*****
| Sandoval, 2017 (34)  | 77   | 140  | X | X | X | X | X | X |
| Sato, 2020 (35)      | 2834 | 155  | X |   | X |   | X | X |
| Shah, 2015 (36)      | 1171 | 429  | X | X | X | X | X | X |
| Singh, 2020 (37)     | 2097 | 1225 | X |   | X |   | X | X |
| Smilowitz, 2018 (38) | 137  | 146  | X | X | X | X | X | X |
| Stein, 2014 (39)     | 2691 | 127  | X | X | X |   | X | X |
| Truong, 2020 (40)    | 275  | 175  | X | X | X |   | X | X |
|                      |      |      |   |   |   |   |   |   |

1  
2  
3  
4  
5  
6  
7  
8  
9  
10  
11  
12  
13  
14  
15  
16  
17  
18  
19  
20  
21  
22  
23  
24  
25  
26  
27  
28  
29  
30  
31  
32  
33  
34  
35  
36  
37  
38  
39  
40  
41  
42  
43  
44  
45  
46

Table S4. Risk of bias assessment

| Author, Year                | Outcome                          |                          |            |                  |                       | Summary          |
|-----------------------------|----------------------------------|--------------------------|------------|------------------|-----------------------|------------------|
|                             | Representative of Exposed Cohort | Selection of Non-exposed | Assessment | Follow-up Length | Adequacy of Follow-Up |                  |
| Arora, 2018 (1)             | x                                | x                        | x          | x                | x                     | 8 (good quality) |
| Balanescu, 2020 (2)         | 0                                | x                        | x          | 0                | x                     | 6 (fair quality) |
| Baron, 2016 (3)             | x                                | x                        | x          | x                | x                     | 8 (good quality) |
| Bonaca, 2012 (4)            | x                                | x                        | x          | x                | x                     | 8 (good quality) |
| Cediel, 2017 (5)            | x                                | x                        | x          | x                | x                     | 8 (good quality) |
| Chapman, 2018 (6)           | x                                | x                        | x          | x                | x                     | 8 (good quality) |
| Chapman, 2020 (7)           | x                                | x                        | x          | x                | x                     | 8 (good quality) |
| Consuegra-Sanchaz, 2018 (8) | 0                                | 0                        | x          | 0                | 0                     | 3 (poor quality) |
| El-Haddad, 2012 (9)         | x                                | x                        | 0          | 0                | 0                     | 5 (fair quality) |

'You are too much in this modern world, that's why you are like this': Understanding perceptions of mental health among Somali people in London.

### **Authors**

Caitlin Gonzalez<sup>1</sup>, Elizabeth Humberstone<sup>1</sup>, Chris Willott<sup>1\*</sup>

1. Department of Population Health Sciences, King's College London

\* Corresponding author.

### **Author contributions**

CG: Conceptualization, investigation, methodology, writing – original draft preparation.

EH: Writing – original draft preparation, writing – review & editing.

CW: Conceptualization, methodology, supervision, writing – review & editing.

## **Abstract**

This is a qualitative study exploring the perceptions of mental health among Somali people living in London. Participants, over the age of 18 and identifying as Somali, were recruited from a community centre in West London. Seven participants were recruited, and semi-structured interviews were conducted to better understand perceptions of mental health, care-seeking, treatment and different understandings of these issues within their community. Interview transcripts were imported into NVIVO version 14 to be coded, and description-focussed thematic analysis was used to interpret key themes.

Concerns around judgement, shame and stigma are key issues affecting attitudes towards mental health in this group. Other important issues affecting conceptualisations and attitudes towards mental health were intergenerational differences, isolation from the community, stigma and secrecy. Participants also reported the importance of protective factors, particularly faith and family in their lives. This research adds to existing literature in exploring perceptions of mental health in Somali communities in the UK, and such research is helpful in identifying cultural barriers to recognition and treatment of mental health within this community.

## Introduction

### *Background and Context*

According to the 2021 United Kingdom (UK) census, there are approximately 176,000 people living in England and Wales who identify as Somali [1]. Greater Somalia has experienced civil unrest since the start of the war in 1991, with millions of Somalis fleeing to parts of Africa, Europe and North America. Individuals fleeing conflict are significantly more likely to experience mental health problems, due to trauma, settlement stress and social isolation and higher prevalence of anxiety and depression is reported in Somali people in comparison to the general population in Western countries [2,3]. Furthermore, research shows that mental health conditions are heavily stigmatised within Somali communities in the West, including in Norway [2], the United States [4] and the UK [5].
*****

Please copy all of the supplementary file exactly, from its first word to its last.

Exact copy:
| Sandoval, 2017 (34)  | 77   | 140  | X | X | X | X | X | X |
| Sato, 2020 (35)      | 2834 | 155  | X |   | X |   | X | X |
| Shah, 2015 (36)      | 1171 | 429  | X | X | X | X | X | X |
| Singh, 2020 (37)     | 2097 | 1225 | X |   | X |   | X | X |
| Smilowitz, 2018 (38) | 137  | 146  | X | X | X | X | X | X |
| Stein, 2014 (39)     | 2691 | 127  | X | X | X |   | X | X |
| Truong, 2020 (40)    | 275  | 175  | X | X | X |   | X | X |
|                      |      |      |   |   |   |   |   |   |

1  
2  
3  
4  
5  
6  
7  
8  
9  
10  
11  
12  
13  
14  
15  
16  
17  
18  
19  
20  
21  
22  
23  
24  
25  
26  
27  
28  
29  
30  
31  
32  
33  
34  
35  
36  
37  
38  
39  
40  
41  
42  
43  
44  
45  
46

Table S4. Risk of bias assessment

| Author, Year                | Outcome                          |                          |            |                  |                       | Summary          |
|-----------------------------|----------------------------------|--------------------------|------------|------------------|-----------------------|------------------|
|                             | Representative of Exposed Cohort | Selection of Non-exposed | Assessment | Follow-up Length | Adequacy of Follow-Up |                  |
| Arora, 2018 (1)             | x                                | x                        | x          | x                | x                     | 8 (good quality) |
| Balanescu, 2020 (2)         | 0                                | x                        | x          | 0                | x                     | 6 (fair quality) |
| Baron, 2016 (3)             | x                                | x                        | x          | x                | x                     | 8 (good quality) |
| Bonaca, 2012 (4)            | x                                | x                        | x          | x                | x                     | 8 (good quality) |
| Cediel, 2017 (5)            | x                                | x                        | x          | x                | x                     | 8 (good quality) |
| Chapman, 2018 (6)           | x                                | x                        | x          | x                | x                     | 8 (good quality) |
| Chapman, 2020 (7)           | x                                | x                        | x          | x                | x                     | 8 (good quality) |
| Consuegra-Sanchaz, 2018 (8) | 0                                | 0                        | x          | 0                | 0                     | 3 (poor quality) |
| El-Haddad, 2012 (9)         | x                                | x                        | 0          | 0                | 0                     | 5 (fair quality) |

'You are too much in this modern world, that's why you are like this': Understanding perceptions of mental health among Somali people in London.

### **Authors**

Caitlin Gonzalez<sup>1</sup>, Elizabeth Humberstone<sup>1</sup>, Chris Willott<sup>1\*</sup>

1. Department of Population Health Sciences, King's College London

\* Corresponding author.

### **Author contributions**

CG: Conceptualization, investigation, methodology, writing – original draft preparation.

EH: Writing – original draft preparation, writing – review & editing.

CW: Conceptualization, methodology, supervision, writing – review & editing.

## **Abstract**

This is a qualitative study exploring the perceptions of mental health among Somali people living in London. Participants, over the age of 18 and identifying as Somali, were recruited from a community centre in West London. Seven participants were recruited, and semi-structured interviews were conducted to better understand perceptions of mental health, care-seeking, treatment and different understandings of these issues within their community. Interview transcripts were imported into NVIVO version 14 to be coded, and description-focussed thematic analysis was used to interpret key themes.

Concerns around judgement, shame and stigma are key issues affecting attitudes towards mental health in this group. Other important issues affecting conceptualisations and attitudes towards mental health were intergenerational differences, isolation from the community, stigma and secrecy. Participants also reported the importance of protective factors, particularly faith and family in their lives. This research adds to existing literature in exploring perceptions of mental health in Somali communities in the UK, and such research is helpful in identifying cultural barriers to recognition and treatment of mental health within this community.

## Introduction

### *Background and Context*

According to the 2021 United Kingdom (UK) census, there are approximately 176,000 people living in England and Wales who identify as Somali [1]. Greater Somalia has experienced civil unrest since the start of the war in 1991, with millions of Somalis fleeing to parts of Africa, Europe and North America. Individuals fleeing conflict are significantly more likely to experience mental health problems, due to trauma, settlement stress and social isolation and higher prevalence of anxiety and depression is reported in Somali people in comparison to the general population in Western countries [2,3]. Furthermore, research shows that mental health conditions are heavily stigmatised within Somali communities in the West, including in Norway [2], the United States [4] and the UK [5].